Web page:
As young actors of today’s generation, you have the ability to audition for casting directors in Los Angeles and NYC, without even leaving your home! Yes! You have the opportunity to put your learned YAC on-camera skills to work! But, when self-submitting, there are many technical and artistic traps to fall into, with these five being the most prevalent:
1. Auditioning on video is different than auditioning in person in more ways than just the technical considerations. You don’t get to have that brief interaction with the casting people in the room, and they don’t get to gauge your demeanor, your personality as you walk in. (Both of these things could work in your favor!) More importantly, you are expected to submit a stumble-free video audition, since you have the opportunity to record several takes. In person, if you blow a line or lose your place, you’re not faulted nearly as hard. So, make sure your videos are as good as they can be!
2. Video auditions should be shot in close-up. Most casting directors will tell you that they’re looking to see the life in your eyes when you read for a part. On a video that will be played back in a small rectangle on a computer screen this is best demonstrated by shooting from the clavicle up. Why does that matter to you, the actor? Because you must be unnaturally still! Any head movement in a tight frame will look like you’ve just mainlined caffeine, or worse. Not pretty. Even wildly emotional, action scenes must be kept in that small frame, with very little physicality.
3. When filming, do not look away from your reader, even if the sides call for it, even if you’re supposed to be speaking to more than one person. The moment you look away is a moment the casting director cannot see your eyes, and it’s the moment they loose interest in your audition. While it may feel unnatural, it’s important to remember that taped auditions are special in their own right, which calls for special circumstances and practices.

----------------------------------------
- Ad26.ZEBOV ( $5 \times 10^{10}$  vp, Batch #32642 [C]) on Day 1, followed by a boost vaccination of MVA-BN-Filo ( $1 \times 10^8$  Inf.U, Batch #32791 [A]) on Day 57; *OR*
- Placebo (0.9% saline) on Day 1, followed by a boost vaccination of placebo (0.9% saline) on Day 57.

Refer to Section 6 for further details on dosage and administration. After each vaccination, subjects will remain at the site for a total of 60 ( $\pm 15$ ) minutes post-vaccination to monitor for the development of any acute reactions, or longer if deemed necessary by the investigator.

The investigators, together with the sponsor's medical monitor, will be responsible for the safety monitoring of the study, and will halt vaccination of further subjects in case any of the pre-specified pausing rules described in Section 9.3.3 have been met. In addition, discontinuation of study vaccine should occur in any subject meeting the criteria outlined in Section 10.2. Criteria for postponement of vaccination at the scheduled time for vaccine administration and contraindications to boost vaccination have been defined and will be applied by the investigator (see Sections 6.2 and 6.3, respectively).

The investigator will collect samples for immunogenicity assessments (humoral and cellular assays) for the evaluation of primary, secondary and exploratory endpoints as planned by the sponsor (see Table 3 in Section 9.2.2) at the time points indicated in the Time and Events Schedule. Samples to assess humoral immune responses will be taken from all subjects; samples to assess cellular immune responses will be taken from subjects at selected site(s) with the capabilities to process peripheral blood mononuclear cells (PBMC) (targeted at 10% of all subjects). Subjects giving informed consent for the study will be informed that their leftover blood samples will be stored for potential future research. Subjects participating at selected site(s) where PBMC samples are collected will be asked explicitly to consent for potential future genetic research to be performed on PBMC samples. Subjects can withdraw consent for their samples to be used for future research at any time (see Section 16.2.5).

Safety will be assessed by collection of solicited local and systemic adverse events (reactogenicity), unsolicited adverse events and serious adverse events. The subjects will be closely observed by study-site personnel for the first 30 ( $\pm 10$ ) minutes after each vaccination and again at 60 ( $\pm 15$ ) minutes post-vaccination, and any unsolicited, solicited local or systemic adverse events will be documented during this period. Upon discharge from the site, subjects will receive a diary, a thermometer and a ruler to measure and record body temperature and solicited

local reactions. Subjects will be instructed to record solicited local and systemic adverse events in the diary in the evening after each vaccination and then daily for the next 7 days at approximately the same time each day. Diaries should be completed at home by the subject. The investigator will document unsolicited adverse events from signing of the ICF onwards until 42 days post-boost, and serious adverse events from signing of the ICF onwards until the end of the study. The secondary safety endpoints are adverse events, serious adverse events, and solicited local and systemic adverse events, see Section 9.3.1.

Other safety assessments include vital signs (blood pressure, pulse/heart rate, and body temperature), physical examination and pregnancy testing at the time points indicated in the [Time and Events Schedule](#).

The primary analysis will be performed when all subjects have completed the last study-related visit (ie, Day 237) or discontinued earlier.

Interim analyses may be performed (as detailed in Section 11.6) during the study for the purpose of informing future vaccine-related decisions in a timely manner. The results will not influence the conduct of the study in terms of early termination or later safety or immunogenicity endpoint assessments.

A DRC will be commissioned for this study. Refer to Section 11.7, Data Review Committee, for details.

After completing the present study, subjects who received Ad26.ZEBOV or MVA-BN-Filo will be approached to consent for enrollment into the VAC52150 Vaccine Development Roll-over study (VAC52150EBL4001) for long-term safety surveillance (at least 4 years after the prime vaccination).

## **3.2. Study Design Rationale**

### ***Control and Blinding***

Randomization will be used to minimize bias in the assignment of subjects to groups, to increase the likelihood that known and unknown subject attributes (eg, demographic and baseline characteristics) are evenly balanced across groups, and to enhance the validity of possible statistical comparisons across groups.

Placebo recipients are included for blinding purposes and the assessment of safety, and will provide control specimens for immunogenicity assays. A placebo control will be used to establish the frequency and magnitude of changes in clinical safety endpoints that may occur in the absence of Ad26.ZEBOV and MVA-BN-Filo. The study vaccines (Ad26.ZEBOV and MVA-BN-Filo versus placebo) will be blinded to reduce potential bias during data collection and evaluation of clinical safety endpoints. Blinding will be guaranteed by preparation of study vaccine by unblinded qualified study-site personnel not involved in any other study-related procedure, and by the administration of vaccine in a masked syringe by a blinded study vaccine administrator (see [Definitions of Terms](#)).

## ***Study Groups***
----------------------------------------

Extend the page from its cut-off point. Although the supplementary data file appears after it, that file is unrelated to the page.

4. Make a choice to focus on what you want your reader/scene partner feel in the scene! If you do that, you’ll be setting the viewer up to feel those same emotions, thus creating a connection, creating authenticity. This is what makes casting want to see more of you, which is what gets you a callback. In some sides, this may feel unnatural, and when this is the case, make a choice that allows for a refocus on the person that isn’t your character. Then, if you’re brought into the actual casting room, with the casting director, producers, director and so on, then you can shift the focus so the scene is more natural.
3. Shoot the audition from a seated position. It doesn’t matter what the character is doing. You will perform better (i.e., be more still) if you have both feet solidly on the floor and your butt on a chair. No one watching the video will know whether you were seated or not.
4. Do not fall into the trap of recording your audio on the built-in mic on the camera. There are many inexpensive solutions to this problem, and you are not to be forgiven for not taking advantage of them. Recording your voice to the on-board mic, even from just a few feet away, is the equivalent of submitting a faded black and white headshot – with jelly smudges on it. Not good.
5. Make sure your contact information is part of the video itself. You should always have your name and contact info on the video itself to make sure you’ll never be the answer to the producer’s question: “Who is this actor that we almost called in for our last project, but who would be great for our next one? I’ve got her audition right here, but the file name is Rejecteed_BR_Untitled9087.mov.” You don’t want to loose out on a part just because of a silly thing like this!